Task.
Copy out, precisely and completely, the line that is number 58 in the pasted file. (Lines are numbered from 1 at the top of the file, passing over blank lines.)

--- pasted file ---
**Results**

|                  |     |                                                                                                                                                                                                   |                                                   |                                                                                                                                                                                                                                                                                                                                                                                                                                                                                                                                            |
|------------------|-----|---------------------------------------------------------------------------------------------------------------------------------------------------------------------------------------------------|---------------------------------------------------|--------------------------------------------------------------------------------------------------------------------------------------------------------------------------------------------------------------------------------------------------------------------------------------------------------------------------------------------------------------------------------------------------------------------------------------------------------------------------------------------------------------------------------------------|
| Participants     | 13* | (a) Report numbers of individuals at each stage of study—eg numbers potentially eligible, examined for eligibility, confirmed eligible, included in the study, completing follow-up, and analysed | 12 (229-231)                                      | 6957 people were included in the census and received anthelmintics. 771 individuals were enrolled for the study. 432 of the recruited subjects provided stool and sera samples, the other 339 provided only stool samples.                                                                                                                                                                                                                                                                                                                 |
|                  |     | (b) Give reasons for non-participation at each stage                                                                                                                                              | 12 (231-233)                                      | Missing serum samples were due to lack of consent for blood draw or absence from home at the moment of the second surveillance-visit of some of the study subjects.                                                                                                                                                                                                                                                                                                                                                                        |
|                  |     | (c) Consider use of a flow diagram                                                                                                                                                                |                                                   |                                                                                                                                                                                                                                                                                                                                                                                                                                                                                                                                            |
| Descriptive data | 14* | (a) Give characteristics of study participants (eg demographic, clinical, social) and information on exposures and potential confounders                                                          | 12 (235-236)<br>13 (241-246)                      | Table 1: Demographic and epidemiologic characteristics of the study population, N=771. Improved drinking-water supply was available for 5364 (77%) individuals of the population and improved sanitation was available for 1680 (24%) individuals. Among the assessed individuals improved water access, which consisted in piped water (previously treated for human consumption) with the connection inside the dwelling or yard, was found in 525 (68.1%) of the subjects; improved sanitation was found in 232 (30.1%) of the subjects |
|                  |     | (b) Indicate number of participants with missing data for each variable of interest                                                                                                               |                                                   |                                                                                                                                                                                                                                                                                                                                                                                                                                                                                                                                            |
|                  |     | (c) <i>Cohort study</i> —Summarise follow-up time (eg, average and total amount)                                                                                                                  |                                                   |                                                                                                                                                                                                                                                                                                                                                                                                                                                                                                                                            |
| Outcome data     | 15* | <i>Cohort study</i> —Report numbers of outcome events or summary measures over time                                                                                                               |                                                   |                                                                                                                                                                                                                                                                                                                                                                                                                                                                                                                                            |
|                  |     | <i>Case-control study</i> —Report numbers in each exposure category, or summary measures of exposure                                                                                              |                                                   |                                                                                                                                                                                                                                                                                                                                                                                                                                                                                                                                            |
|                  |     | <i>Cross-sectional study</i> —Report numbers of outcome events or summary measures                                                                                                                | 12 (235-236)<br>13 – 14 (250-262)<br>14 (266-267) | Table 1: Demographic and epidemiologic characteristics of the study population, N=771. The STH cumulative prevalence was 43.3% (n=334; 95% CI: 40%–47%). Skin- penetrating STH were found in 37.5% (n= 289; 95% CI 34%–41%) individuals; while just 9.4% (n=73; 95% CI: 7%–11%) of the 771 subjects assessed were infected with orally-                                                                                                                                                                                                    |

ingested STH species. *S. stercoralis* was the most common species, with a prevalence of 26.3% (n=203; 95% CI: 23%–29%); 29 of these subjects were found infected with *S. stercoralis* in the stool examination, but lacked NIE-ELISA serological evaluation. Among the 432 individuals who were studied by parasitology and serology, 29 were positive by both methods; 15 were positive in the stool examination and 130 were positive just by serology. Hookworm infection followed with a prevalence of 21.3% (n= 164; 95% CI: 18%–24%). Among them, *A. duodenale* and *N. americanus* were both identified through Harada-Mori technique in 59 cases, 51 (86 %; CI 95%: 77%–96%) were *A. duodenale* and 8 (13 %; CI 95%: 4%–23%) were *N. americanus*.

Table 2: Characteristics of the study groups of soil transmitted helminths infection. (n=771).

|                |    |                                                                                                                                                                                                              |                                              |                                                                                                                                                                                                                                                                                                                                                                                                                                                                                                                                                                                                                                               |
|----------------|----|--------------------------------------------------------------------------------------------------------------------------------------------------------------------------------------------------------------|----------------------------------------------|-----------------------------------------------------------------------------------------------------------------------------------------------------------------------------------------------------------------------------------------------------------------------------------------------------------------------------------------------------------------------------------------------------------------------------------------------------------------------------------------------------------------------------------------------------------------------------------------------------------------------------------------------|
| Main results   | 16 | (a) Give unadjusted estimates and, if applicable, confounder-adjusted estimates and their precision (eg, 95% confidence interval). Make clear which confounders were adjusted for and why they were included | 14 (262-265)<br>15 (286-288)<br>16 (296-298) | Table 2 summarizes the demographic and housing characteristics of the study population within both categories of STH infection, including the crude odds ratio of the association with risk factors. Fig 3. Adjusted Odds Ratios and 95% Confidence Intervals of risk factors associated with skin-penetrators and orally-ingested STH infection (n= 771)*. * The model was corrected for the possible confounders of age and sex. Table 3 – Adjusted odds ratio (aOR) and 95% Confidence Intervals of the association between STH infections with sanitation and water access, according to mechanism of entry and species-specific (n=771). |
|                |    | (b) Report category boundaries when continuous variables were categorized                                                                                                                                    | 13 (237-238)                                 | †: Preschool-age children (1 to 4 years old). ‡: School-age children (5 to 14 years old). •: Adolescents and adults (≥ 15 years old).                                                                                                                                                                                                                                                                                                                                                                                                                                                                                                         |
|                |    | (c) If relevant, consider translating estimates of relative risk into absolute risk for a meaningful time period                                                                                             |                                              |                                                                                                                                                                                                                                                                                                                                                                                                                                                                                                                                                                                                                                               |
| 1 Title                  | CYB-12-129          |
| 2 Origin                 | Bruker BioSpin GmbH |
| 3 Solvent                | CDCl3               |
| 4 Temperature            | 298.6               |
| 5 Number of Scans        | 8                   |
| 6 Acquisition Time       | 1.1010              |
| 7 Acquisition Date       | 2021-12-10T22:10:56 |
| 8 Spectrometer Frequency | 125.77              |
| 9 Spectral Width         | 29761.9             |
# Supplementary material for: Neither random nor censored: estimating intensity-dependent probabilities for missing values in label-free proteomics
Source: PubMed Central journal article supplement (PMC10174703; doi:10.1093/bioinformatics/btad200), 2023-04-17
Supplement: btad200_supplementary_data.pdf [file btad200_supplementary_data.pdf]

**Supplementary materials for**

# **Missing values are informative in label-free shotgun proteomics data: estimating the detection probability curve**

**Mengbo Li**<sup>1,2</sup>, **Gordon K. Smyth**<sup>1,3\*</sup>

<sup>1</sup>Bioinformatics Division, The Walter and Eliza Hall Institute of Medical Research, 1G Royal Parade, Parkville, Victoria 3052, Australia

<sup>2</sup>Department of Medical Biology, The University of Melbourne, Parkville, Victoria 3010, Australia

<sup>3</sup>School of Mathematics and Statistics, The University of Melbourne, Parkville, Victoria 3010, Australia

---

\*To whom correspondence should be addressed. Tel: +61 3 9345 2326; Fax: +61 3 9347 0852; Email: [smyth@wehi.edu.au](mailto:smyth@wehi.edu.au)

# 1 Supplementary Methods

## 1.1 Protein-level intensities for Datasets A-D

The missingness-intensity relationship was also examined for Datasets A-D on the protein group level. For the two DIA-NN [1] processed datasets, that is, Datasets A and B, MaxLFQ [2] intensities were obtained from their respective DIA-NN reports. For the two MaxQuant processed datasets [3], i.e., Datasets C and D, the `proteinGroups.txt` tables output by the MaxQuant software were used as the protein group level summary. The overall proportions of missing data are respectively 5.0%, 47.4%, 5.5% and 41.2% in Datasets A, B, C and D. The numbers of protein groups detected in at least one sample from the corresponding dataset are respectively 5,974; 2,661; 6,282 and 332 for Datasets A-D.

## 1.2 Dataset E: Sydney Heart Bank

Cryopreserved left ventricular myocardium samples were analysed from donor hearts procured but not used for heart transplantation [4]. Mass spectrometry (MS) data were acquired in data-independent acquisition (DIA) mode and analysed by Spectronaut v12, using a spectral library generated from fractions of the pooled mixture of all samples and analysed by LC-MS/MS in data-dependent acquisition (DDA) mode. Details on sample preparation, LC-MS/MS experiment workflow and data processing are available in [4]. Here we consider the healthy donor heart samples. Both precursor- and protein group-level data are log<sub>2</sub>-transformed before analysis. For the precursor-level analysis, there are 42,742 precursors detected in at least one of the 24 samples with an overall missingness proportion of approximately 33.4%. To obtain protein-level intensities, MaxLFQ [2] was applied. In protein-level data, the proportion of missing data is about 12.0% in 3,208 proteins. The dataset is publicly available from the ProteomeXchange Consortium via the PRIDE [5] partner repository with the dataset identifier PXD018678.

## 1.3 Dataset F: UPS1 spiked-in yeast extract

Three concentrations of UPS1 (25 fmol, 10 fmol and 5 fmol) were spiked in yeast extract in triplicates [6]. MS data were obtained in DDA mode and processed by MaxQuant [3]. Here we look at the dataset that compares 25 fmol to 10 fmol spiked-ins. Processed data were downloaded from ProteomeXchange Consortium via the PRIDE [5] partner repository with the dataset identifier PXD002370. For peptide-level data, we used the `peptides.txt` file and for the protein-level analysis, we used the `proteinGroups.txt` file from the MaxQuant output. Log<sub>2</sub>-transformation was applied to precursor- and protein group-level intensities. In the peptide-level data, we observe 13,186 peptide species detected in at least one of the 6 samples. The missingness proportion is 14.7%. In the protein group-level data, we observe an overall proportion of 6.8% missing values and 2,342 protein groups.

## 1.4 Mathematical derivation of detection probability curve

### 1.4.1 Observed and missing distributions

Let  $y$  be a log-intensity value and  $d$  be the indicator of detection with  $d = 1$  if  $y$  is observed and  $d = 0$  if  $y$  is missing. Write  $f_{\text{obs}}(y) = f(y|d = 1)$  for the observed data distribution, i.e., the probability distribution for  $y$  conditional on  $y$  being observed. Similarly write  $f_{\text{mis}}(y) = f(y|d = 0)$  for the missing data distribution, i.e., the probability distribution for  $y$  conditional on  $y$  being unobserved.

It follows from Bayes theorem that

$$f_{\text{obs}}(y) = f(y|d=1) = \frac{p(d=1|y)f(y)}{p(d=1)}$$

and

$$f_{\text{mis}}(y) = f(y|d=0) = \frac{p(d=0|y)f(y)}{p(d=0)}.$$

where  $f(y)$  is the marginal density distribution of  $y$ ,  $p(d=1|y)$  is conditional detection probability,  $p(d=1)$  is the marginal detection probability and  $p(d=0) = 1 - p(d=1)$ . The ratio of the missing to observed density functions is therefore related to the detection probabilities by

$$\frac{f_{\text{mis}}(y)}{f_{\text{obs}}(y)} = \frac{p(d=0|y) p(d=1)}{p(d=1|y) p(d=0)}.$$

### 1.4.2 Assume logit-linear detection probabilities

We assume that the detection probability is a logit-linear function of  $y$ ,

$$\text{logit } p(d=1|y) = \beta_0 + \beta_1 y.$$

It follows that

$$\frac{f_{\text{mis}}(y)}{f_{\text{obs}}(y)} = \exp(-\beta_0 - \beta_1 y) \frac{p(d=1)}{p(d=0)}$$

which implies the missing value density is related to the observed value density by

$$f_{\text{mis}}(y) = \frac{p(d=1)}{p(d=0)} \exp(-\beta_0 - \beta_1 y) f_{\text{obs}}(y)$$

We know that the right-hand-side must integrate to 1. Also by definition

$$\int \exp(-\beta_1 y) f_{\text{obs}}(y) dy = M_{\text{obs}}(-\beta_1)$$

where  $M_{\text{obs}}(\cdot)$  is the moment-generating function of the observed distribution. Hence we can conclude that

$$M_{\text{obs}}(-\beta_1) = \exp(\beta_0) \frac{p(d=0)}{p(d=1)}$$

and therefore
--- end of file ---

$$\text{logit } p(d=1|y) = \beta_0 + \beta_1 y.$$